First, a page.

The relationship between former President George W. Bush and former Vice President Dick Cheney was much more contentious than is commonly believed, Peter Baker, White House correspondent for The New York Times, told a nearly filled Dodds Auditorium in a Tuesday evening lecture. The lecture was organized to promote Baker’s new book about the Bush administration, “Days of Fire: Bush and Cheney in the White House.”

“Cheney rewrote the rules,” Baker said of the vice president at the outset of his first term. Baker noted that, since the vice president was only given an office in the White House once Jimmy Carter became president, most vice presidents remained marginalized in policy-making until the Bush years. In contrast with his predecessors, Cheney made an agreement with Bush to be able to attend all top-level meetings and access the administration’s important documents.

Echoing themes from Barton Gellman’s book, “Angler: The Cheney Vice Presidency,” Baker recounted an anecdote in which Cheney, asked by a reporter how many times he had met with Bush, “pulled his schedule out of his pocket, and counted two, three, four, five, six, seven times — today.”

“Harry Truman’s vice president only met with him twice during his entire time in office,” Baker added.

Bush raised Dick Cheney’s profile further in the White House during the 9/11 attacks when he reportedly stated, “I’m going to call Dick,” while Air Force One lifted the president to safety. Bush also made the final decision to invade Iraq with only Cheney in the room, according to Baker.

Nonetheless, by Bush’s second term, Cheney and Bush were largely estranged politically, Baker explained. By this point, the two were “on opposite sides of North Korea, Iran, Russia,” “the auto bailout,” “[Supreme Court nominee] Harriet Myers,” “climate change,” “[former Secretary of Defense] Donald Rumsfeld” and “federal spending,” among other issues, he said.

“Of the 275 sources I interviewed,” Baker said, “not one of them told me Bush did something that he didn’t want to do.”

Indeed, Bush became more independent and confident in his views as the second term approached, fleshing out a worldview separate from Cheney’s, according to Baker.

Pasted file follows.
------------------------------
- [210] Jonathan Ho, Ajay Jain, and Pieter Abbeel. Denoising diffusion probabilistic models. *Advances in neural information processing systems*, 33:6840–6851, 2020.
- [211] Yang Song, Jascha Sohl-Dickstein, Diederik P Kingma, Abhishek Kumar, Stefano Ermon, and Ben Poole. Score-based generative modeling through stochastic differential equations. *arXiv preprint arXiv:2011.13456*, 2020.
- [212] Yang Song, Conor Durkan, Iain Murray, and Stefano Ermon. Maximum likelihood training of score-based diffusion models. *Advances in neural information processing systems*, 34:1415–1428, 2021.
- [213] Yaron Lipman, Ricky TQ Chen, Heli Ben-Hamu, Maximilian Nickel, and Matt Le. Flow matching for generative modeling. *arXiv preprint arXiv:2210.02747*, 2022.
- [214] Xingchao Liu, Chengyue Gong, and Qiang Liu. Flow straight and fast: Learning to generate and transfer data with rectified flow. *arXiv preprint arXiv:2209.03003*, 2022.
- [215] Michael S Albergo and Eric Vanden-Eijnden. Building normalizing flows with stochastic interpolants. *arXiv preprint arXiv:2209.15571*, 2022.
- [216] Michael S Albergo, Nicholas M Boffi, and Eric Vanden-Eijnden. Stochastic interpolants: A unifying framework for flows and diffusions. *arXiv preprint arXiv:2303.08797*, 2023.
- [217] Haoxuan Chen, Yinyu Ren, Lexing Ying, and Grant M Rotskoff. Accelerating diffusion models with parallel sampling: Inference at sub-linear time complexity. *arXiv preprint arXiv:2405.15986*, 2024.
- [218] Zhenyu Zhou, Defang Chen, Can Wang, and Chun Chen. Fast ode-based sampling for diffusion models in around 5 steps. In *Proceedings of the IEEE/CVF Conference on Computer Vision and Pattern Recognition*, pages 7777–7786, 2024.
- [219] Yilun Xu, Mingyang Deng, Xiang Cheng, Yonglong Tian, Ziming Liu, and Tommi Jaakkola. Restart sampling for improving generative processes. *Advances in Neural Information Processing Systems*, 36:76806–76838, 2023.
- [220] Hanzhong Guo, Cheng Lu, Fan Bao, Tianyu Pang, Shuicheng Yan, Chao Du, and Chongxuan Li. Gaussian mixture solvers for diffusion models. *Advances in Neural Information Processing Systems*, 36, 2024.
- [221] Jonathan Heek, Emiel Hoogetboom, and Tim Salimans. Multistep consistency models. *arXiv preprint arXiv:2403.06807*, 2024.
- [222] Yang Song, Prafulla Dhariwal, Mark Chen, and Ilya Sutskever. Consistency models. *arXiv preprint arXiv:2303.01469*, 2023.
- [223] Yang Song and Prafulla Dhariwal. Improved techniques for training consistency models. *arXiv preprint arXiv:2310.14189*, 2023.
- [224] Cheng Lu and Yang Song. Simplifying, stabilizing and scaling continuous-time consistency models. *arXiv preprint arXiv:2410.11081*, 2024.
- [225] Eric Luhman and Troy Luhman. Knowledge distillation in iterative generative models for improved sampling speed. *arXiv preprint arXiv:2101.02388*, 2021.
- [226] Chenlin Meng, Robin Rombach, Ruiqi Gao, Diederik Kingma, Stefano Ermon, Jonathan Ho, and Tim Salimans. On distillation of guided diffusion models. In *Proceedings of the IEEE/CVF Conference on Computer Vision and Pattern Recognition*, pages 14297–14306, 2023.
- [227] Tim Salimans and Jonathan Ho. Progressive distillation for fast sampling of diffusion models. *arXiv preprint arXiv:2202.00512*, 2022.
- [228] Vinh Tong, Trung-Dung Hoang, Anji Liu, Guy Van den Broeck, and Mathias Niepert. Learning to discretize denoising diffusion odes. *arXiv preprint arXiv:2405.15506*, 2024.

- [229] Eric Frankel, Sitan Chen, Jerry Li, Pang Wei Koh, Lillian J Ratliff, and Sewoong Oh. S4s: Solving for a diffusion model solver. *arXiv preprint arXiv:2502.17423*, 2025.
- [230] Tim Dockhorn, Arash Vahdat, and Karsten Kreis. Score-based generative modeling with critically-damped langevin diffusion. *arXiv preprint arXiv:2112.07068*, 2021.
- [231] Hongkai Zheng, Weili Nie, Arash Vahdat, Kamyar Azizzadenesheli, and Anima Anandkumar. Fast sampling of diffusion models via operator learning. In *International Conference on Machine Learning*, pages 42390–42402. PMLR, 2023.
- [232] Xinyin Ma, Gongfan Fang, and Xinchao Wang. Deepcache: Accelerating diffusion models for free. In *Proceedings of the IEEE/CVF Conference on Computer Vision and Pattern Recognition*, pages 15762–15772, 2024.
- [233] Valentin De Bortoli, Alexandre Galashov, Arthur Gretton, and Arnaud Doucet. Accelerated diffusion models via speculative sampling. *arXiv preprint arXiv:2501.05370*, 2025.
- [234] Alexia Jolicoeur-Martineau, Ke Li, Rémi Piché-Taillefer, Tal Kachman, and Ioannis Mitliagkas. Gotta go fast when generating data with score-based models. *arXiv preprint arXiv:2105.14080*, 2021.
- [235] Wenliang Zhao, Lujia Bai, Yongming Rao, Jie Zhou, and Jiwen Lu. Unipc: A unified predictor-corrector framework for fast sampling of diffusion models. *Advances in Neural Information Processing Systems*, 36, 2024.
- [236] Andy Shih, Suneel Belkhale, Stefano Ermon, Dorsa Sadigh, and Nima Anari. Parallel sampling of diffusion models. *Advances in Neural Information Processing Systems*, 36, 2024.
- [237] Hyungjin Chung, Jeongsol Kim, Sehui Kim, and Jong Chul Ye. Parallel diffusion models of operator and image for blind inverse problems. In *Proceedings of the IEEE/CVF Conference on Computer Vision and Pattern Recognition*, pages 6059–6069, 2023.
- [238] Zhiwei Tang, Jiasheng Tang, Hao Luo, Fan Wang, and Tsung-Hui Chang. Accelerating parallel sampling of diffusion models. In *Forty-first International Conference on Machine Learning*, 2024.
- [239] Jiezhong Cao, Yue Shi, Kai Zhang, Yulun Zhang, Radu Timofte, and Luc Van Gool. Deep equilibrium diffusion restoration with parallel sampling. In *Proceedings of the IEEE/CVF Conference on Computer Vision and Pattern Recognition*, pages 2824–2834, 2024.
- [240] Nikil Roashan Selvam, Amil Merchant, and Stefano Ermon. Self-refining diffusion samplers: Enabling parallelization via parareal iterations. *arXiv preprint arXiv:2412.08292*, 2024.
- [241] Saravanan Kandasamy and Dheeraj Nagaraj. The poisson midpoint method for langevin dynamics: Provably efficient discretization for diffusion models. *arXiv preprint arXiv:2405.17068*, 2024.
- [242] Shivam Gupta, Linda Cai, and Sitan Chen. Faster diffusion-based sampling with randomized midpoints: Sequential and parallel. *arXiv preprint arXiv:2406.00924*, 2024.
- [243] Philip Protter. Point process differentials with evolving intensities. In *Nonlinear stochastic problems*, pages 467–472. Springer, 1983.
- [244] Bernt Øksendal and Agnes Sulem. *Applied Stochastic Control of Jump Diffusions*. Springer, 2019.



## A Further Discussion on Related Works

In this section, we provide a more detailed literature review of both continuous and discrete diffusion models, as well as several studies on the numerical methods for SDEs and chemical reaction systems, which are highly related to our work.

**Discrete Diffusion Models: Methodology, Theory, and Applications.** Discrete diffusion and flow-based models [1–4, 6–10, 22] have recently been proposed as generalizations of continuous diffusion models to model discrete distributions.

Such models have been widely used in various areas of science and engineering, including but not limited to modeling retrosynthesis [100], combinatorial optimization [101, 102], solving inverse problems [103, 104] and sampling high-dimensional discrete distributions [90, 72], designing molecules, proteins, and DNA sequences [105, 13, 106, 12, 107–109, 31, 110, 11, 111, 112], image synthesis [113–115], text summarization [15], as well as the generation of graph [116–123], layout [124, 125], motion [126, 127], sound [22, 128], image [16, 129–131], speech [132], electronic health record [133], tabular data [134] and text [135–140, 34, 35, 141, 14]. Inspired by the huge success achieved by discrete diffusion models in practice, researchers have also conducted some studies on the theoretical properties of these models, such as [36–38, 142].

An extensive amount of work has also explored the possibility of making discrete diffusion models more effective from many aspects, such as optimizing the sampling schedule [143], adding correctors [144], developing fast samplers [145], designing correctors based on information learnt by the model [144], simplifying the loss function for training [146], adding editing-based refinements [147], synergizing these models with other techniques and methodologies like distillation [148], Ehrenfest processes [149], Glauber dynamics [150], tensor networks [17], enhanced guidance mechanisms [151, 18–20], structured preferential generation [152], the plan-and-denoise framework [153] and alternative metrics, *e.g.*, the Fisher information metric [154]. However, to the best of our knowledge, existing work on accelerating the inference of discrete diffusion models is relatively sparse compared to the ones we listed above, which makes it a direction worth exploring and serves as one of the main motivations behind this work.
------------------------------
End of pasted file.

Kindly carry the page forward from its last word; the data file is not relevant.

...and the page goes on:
“Bush begins thinking about his second term. What can he do to change the trajectory of his presidency?” Baker said of the demarcation between Bush’s first and second terms that some commentators, including Baker, have noted. “Under pressure from the news media [and] Congress,” Bush “gets buy-ins from surveillance and detention, closes the CIA black site prisons overseas [and] got more prisoners out of Guantanamo than President Obama has in the five years since.”

The tension between the two came to a head by the end of the second term, at which point Cheney lobbied continually for the pardon of his friend and former aide I. Lewis “Scooter” Libby. "Bush didn’t like the pardon system to begin with,” Baker said. “He was more conservative with pardons than any president in a century, other than his father.”

In the final week of their second term,Cheney harshly and uncharacteristically remarked to Bush, “You’re leaving a good man on the field of battle,” Baker said.

“Cheney was asking for one last validation of their partnership over eight extraordinary years, and Bush wouldn’t give it to him,” Baker said. “Cheney’s public battle with Obama was a proxy for his private battle with Bush,” he explained, alluding to the vice president’s interviews after leaving office that werecritical of the Obama administration.

“President Bush left behind a program that Obama could, more or less, live with,” Baker said, citing a three-year withdrawal plan from Iraq and a bailout of General Motors that Bush might have ultimately opposed had he had more time in office.

“Some Bush administration friends have suffered PTSD” as a result of reading “Days of Fire,” Baker said, joking, explaining that he felt the need to write it because “we [reporters] get about 10 to 20 percent of what’s going on at the moment.”

In an interview with The Daily Princetonian, Baker also added that Bush’s record on African aid was “undeniably positive” but that one of the take-home messages of his book for future presidents was that “reliance on an inner circle” can lead to worse decision-making than otherwise would occur.

Baker also took issue with characterizations of Cheney as a "neoconservative,” stating that he was instead a “strong [traditional] conservative” who argued against Bush’s own plan to remain in Iraq indefinitely to rebuild its government.

Baker promoted his book on "The Colbert Report" on Monday and traveled to Seattle after presenting at the University.

The lecture was sponsored by the Wilson School.

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